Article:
Skip Ribbon Commands
Skip to main content
SFM Logo

State Fire Marshal

A Division of the Minnesota Department of Public Safety

From the fire marshal

​By Bruce West
State fire marshal

The Minnesota State Fire Chiefs Association (MSFCA) just completed a very successful fall conference in Duluth, where the State Fire Marshal Division (SFMD) released our 2018 Fire in Minnesota report to a representative of each fire department in attendance. If your fire department was unable to send a representative to the MSFCA conference, don’t worry; our office will be sending a copy to every fire department not represented at the conference.

The SFMD has been publishing the Fire in Minnesota report since 1989, and each year the number of fire departments reporting to the Minnesota Fire Incident Reporting System (MFIRS) has grown. Today we have 99 percent of Minnesota fire departments reporting to MFIRS. That means we have over 300,000 incidents that are part of the data analysis that our Data Team of Jon Nisja, Nora Gierok, Scott Radke and Joel Paylor work with to create the report.

A few highlights of the 2018 Fire in Minnesota report:
  • Store and office property dollar loss went up over 200 percent from 2017.
    • There was one $4.5 million dollar sorting facility fire loss and one $3.8 million dollar multi-commercial fire loss.
  • Incendiary fires were at their lowest at 730, a 30 percent decrease from 2017.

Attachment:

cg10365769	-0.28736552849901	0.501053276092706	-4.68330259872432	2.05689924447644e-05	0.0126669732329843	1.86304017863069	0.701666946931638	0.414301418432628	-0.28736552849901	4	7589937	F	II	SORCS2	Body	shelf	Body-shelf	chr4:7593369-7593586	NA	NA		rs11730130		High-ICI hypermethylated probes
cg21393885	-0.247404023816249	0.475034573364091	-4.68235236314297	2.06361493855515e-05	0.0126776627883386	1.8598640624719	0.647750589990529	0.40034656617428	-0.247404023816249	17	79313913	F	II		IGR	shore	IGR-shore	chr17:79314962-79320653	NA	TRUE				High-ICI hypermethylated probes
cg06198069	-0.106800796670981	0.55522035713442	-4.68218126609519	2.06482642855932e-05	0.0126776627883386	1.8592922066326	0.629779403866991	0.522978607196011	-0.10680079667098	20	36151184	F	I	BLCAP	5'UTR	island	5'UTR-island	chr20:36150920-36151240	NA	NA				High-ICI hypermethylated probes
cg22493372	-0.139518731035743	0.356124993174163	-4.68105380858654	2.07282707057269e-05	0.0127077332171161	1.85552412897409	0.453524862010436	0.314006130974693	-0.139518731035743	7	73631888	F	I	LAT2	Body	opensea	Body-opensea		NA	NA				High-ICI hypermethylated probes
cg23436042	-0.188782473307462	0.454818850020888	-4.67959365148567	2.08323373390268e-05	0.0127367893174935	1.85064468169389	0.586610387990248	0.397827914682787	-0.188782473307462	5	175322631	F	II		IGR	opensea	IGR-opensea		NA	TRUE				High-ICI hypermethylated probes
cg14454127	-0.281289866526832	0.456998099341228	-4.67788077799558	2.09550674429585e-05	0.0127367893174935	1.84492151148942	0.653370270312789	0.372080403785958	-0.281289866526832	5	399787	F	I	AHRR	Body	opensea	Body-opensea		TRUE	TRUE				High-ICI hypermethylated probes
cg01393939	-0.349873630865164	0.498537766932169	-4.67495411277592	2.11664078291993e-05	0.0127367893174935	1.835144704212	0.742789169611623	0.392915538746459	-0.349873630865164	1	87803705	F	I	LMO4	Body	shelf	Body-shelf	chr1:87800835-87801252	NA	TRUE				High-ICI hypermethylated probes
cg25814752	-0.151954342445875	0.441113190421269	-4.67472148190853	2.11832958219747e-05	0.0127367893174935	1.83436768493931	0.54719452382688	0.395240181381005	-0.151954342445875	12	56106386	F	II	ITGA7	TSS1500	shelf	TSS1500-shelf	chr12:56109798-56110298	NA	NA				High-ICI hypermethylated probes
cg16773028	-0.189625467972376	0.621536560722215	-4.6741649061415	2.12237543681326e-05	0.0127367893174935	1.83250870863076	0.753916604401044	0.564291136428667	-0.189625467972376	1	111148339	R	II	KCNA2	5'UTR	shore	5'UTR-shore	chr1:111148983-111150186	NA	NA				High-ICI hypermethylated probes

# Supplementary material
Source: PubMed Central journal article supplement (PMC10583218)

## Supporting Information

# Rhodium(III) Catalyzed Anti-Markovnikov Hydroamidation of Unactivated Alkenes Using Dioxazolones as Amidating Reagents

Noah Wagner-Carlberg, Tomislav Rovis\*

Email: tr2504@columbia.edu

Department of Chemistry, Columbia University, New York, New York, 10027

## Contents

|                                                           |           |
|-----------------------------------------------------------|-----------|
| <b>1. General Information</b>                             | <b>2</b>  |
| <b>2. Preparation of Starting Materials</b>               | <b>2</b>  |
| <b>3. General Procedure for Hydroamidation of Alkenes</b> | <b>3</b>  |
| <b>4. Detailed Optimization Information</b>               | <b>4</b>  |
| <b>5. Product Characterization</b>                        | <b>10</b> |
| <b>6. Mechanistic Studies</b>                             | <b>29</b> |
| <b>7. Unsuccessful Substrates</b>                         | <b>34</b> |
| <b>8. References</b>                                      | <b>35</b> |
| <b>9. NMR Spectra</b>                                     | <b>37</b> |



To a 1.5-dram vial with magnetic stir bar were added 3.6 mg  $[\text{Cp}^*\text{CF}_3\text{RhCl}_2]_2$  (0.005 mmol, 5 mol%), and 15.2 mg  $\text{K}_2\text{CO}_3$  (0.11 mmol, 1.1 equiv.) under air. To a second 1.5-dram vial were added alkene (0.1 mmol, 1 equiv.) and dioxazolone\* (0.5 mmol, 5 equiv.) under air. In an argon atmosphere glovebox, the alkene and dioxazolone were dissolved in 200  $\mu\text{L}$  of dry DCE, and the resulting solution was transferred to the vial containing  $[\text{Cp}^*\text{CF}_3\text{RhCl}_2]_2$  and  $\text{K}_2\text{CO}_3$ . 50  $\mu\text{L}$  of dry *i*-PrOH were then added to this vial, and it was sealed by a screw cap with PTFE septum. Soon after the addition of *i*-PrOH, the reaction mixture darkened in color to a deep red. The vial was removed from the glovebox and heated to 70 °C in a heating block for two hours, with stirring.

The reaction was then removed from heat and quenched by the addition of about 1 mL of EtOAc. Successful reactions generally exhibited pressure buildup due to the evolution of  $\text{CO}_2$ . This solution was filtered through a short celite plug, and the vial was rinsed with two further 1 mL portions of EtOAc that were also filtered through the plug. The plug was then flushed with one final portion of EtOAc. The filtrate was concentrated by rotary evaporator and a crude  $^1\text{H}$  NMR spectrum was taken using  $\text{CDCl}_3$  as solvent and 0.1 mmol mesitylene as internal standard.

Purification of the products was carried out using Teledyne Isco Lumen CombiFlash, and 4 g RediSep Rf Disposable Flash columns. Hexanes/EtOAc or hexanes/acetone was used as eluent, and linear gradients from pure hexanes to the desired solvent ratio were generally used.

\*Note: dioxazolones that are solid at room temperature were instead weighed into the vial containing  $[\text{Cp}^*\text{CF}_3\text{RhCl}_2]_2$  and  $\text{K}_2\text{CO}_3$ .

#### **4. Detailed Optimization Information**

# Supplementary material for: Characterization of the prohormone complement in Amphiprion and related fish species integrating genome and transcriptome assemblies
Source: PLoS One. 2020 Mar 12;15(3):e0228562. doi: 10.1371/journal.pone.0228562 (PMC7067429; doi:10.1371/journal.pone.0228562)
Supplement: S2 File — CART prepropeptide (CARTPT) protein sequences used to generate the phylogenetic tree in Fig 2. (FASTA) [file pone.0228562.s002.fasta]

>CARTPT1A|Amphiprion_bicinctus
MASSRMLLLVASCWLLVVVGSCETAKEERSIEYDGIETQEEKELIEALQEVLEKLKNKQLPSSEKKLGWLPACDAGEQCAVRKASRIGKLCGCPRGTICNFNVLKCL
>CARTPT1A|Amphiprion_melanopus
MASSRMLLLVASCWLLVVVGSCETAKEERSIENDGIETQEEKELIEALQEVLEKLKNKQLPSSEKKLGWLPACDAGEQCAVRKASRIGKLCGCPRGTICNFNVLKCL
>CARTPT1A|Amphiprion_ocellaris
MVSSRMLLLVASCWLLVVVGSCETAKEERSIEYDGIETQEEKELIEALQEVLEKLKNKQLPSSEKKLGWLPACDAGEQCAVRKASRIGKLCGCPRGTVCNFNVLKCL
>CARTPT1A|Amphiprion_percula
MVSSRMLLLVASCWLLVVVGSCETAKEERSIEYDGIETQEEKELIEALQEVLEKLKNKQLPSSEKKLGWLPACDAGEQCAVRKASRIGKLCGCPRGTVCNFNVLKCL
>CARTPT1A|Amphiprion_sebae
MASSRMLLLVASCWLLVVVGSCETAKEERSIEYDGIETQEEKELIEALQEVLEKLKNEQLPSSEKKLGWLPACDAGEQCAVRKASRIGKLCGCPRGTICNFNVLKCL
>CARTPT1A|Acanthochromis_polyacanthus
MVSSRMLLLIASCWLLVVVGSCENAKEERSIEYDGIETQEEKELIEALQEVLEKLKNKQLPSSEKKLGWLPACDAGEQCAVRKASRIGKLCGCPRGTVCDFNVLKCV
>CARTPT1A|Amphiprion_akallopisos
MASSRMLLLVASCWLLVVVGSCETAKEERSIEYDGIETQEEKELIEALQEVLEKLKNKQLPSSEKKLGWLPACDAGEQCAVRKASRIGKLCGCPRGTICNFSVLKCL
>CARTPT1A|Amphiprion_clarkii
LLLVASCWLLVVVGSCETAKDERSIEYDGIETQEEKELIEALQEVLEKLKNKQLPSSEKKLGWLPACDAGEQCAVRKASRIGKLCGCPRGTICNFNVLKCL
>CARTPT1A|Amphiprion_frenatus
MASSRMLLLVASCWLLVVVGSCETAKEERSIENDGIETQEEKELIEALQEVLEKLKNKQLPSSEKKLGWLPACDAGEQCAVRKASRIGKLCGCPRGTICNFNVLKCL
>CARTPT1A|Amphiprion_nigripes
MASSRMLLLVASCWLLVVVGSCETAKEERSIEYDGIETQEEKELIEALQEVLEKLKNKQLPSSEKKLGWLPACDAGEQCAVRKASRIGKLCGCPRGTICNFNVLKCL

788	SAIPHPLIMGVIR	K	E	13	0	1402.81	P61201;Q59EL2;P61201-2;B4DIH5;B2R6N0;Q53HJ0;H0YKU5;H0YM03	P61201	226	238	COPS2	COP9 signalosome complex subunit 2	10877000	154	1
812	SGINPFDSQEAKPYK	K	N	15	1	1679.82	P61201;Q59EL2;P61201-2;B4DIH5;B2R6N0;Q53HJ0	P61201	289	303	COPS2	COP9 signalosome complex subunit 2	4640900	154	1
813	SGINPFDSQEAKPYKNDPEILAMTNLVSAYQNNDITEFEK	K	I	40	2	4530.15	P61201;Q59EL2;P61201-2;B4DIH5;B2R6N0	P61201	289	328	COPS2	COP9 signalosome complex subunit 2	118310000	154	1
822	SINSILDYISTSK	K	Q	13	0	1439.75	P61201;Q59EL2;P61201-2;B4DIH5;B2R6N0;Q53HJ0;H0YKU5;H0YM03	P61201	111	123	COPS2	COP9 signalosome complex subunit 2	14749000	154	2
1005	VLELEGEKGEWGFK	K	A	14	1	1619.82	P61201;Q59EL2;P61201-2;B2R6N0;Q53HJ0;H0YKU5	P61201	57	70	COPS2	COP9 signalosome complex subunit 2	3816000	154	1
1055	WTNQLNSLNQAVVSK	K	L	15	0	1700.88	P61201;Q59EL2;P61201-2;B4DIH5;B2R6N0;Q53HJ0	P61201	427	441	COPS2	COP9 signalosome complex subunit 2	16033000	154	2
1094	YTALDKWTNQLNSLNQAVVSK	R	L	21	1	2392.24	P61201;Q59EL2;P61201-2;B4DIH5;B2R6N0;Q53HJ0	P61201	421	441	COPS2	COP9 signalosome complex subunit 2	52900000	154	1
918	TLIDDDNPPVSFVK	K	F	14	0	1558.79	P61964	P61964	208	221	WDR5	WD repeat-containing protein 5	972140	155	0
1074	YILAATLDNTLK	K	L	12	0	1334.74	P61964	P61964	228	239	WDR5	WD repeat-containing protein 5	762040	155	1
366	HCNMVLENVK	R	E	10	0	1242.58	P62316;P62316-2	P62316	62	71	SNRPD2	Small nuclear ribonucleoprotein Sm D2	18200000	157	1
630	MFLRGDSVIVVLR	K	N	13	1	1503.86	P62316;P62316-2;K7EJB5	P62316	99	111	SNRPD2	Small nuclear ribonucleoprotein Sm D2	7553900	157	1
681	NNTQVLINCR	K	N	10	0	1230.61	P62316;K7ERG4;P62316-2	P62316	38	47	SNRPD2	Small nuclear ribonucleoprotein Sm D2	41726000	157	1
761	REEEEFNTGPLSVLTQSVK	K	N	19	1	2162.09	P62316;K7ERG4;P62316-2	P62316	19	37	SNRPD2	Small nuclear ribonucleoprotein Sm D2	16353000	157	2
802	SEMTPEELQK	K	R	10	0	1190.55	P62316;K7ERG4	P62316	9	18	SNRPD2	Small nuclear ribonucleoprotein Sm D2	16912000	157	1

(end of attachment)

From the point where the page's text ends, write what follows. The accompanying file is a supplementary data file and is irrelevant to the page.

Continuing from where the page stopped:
• Alcohol and drug use was a factor in 49 percent of all fire deaths in 2018.
  • The number of structure (building) fires is similar to recent past years.
    • 2018: 6,130 structure fires
    • 2017: 6,165 structure fires
    • 2016: 6,020 structure fires
  • Total dollar loss from fire is similar to recent past years.
    • 2018: $134,049,176
    • 2017: $129,910,056
    • 2016: $145,399,600
  • Overall fire department responses are up.
    • 2018: 309,652 fire and non-fire incidents
    • 2017: 304,163
    • 2016: 291,454
  • Mutual aid responses are up over the recent years.
As fires continue at their present rate, does that mean we are not doing enough in terms of fire prevention in our communities? We all know we have reduced the number of fire fatalities in the past 25 years, and the number of catastrophic fires have also dramatically dropped, but we can’t stop now. The fire service of Minnesota must not believe that we have done enough and that fire is simply an “ordinary” or “unremarkable” event in our communities. 

All 775 Minnesota fire departments provide remarkable service to each and every community and township in your fire protections areas. I hope you read through our 2018 Fire in Minnesota and look at the data and. I hope it motivates you to make change in your community. Minnesotans deserve remarkable, not unremarkable, service from us all. Thank you for your support of the SFMD.